Starkville, CO Starkville Mine Explosion, Oct 1910
NOT MUCH HOPE LEFT
ENTOMBED MINERS IN COLORADO HOPELESSLY WALLED IN.
GLOOM SETTLES AROUND PIT
NOTHING BRIGHT IN TIDINGS OF THE RESCUE PARTY.
Nine Hundred Feet Nearest Point Reached to Imprisoned Men- Poisonous Gases Found by Searchers.
STARKVILLE, Col., Oct. 10. – As darkness settled tonight over the entrance to the Starkville mine, the hope that had buoyed up the watchers at the pit mouth through out the day that some of the fifty or more men entombed there would be found alive grew faint and gloom settles again over the silent crowd. This morning the experts at the head of the rescue party were confident that some of the men walled in by Saturday night’s explosion were alive. They believed the portable fan forcing pure air into the workings would keep the men alive, until they could be reached, but as the day rescue party stumbled slowly out of the slope tonight one glance at their faces told the watchers that hope was almost vain.
Get Within 900 Feet.
After a day of hard work in the face of constant peril, the rescue party penetrated the mine working nearly 12,000 feet, or within 9—feet of the men imprisoned nearest the main entrance, instead of finding the mine clear of debris and afterdamp at this point, the workings were found be badly wrecked, and poisonous gases were again encountered. The leaders would not consent to the rescuers going further until sufficient fresh air had been fanned into the mine to insure safety. It was decided to retreat to the open, leaving the portable fan going until the interior of the mine was cleared of the deadly afterdamp.
Throughout the day the rescue party pushed forward with extreme care, lest it should be suddenly overwhelmed by bad air.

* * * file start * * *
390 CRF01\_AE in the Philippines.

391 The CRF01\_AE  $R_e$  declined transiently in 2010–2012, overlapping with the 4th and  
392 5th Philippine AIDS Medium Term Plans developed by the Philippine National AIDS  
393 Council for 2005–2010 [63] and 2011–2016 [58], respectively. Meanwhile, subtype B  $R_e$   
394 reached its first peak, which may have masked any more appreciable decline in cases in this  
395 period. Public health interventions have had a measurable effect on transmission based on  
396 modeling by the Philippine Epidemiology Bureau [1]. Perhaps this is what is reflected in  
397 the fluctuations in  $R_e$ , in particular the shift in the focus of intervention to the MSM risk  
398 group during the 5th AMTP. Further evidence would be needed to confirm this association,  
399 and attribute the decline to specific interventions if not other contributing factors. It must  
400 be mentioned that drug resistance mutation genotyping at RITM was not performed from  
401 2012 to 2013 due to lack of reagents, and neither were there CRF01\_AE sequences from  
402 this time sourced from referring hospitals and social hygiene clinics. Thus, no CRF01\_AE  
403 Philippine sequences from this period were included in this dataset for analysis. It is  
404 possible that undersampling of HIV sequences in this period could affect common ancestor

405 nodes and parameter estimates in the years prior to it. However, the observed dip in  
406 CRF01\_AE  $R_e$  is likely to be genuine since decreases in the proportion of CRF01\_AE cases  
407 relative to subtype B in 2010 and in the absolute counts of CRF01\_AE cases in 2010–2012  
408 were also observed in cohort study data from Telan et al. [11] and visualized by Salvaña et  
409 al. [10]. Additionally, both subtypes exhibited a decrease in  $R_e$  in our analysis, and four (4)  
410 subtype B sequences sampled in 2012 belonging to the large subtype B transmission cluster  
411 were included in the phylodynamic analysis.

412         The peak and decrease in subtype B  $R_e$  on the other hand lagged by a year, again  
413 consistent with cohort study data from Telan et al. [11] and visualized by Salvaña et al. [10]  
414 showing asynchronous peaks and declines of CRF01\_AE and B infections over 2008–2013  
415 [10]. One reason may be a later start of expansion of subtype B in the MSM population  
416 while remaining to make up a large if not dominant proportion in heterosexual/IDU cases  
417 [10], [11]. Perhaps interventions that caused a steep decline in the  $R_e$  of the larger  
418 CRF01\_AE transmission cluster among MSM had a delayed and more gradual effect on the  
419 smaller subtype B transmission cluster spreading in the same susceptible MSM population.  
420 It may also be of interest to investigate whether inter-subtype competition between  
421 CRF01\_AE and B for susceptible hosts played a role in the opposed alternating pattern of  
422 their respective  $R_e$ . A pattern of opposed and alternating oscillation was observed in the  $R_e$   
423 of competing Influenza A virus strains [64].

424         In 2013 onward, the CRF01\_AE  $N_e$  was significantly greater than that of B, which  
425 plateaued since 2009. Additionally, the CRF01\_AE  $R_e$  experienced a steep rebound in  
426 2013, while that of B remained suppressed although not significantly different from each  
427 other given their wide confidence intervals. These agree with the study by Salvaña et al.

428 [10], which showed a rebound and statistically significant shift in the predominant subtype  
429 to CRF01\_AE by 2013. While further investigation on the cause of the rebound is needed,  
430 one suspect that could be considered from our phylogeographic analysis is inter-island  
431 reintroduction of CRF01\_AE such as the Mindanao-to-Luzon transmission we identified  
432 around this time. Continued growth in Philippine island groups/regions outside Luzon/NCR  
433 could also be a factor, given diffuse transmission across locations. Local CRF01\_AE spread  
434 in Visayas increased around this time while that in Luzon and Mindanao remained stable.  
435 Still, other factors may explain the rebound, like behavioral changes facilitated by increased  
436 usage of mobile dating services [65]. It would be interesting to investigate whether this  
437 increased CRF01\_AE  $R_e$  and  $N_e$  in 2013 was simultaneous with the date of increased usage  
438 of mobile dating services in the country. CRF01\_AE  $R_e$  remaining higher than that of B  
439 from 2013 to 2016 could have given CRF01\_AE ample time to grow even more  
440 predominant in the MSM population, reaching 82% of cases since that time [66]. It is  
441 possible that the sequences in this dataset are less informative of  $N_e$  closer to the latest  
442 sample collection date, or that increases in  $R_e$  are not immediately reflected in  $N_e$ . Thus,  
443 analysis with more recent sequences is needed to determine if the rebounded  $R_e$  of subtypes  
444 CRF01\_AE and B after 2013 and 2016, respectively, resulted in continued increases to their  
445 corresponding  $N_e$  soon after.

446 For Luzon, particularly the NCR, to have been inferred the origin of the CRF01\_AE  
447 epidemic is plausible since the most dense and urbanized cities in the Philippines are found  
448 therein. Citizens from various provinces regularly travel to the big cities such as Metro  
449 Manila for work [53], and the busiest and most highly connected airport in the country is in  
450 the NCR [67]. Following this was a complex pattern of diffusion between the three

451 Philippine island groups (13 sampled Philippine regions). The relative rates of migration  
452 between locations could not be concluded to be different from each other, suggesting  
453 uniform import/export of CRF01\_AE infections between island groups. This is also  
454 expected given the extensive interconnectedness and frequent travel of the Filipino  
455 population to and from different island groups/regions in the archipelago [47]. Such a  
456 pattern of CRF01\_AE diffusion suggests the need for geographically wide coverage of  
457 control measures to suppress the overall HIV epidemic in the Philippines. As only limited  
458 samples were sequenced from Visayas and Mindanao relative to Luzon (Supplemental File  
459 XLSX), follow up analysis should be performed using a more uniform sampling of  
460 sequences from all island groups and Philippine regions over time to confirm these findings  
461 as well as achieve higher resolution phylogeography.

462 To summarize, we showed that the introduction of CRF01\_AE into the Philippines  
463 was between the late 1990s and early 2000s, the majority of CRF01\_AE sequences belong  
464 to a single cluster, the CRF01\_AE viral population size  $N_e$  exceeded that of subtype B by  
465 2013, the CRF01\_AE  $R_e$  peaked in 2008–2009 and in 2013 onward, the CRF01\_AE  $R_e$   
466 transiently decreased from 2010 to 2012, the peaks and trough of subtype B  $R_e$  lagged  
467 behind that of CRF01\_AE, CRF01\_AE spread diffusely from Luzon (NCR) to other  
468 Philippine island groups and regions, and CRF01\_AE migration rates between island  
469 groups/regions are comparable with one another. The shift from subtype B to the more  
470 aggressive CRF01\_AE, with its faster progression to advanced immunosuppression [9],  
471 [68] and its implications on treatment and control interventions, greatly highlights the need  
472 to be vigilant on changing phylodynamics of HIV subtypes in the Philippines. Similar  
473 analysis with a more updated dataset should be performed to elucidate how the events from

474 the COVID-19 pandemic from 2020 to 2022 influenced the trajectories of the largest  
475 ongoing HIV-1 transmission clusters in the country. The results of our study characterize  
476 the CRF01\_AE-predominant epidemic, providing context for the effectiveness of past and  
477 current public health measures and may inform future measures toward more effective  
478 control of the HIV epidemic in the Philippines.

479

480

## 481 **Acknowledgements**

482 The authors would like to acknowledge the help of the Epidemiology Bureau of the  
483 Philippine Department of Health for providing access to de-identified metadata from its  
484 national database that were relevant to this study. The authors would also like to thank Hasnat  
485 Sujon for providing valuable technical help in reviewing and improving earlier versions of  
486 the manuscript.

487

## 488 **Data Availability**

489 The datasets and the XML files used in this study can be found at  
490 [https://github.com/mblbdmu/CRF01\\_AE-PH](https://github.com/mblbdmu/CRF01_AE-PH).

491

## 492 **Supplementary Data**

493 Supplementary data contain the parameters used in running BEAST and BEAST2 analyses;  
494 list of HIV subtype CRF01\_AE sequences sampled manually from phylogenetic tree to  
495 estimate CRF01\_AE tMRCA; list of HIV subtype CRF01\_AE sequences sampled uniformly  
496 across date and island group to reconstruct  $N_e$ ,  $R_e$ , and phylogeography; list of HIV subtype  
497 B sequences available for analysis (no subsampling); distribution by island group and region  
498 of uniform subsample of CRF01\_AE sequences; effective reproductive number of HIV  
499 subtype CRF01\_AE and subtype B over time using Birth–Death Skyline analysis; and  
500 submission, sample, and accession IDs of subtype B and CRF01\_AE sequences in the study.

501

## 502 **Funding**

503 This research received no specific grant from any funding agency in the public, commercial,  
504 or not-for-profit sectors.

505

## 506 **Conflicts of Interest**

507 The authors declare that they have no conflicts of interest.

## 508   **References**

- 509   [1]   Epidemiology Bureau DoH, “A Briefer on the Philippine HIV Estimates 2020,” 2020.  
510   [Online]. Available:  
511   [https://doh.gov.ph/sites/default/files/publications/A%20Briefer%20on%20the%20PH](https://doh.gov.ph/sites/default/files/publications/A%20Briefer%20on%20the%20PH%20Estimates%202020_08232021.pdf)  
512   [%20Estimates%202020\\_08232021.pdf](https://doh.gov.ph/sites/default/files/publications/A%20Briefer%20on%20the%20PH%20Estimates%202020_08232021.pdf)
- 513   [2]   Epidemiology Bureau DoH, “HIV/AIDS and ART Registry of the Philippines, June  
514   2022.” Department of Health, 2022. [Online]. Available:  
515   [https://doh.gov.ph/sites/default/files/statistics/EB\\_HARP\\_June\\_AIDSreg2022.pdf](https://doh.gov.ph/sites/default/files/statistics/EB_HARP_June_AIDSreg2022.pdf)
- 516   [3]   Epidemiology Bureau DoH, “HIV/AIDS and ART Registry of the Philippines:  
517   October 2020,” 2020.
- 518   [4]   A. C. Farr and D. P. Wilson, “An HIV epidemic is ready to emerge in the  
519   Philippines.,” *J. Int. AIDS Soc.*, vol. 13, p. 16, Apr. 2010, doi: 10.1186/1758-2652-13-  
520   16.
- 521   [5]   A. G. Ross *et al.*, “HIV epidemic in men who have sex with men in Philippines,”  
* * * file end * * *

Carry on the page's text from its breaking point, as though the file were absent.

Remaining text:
After passing the principal crosscut which connects the old and new slopes, and which was used as the main haulageway [sic], the party came upon cave-ins, plainly indicating the coarse of the explosion. Ten thousand feet from the entrance, the place where a fan had been operated before the explosion was badly damaged. The fan was torn to pieces and scattered hundreds of feet. The 1,200 pound motor had been thrown fifty feet from its bed. The party was compelled to stop and make repairs. Brattices were erected and in the meantime a dog which had accompanied the party wandered aimlessly ahead. It was found later laying stretched upon the floor overcome by afterdamp.
Evidence of Afterdamp.
When the rescue party renewed its journey inward it branched off for a short distance, and then took a southerly coarse toward the spot where the pickmen were supposed to have been working Saturday. The dog’s experience proved valuable, and reconnoitering parties were selected from the main party and sent ahead to test the air. Those scouting parties reported that afterdamp was notable in all the short cuts and also in the main slope. General Manager Weitzel was given this information by portable telephone and ordered the men out of the mine until the air could be improved.
While the night shift was waiting to be sent inside the mine a gang was put to work installing a blower at the mouth of the air shaft to prevent the sudden stoppage of air supply by the failure of the portable fan. Several times during the day this fan stopped working but was speedily repaired. All day long the hills facing the mine were dotted with groups of women and children waiting for news of the entombed men.
As the silent nods of the rescue party told that no bodies were expected to be found until late tonight the mothers gathered their little ones and settled to wait and watch through the night. State Mine Inspector Jones was the last of the rescuers to come out. He said that he felt sure the rescuers would come upon bodies tonight.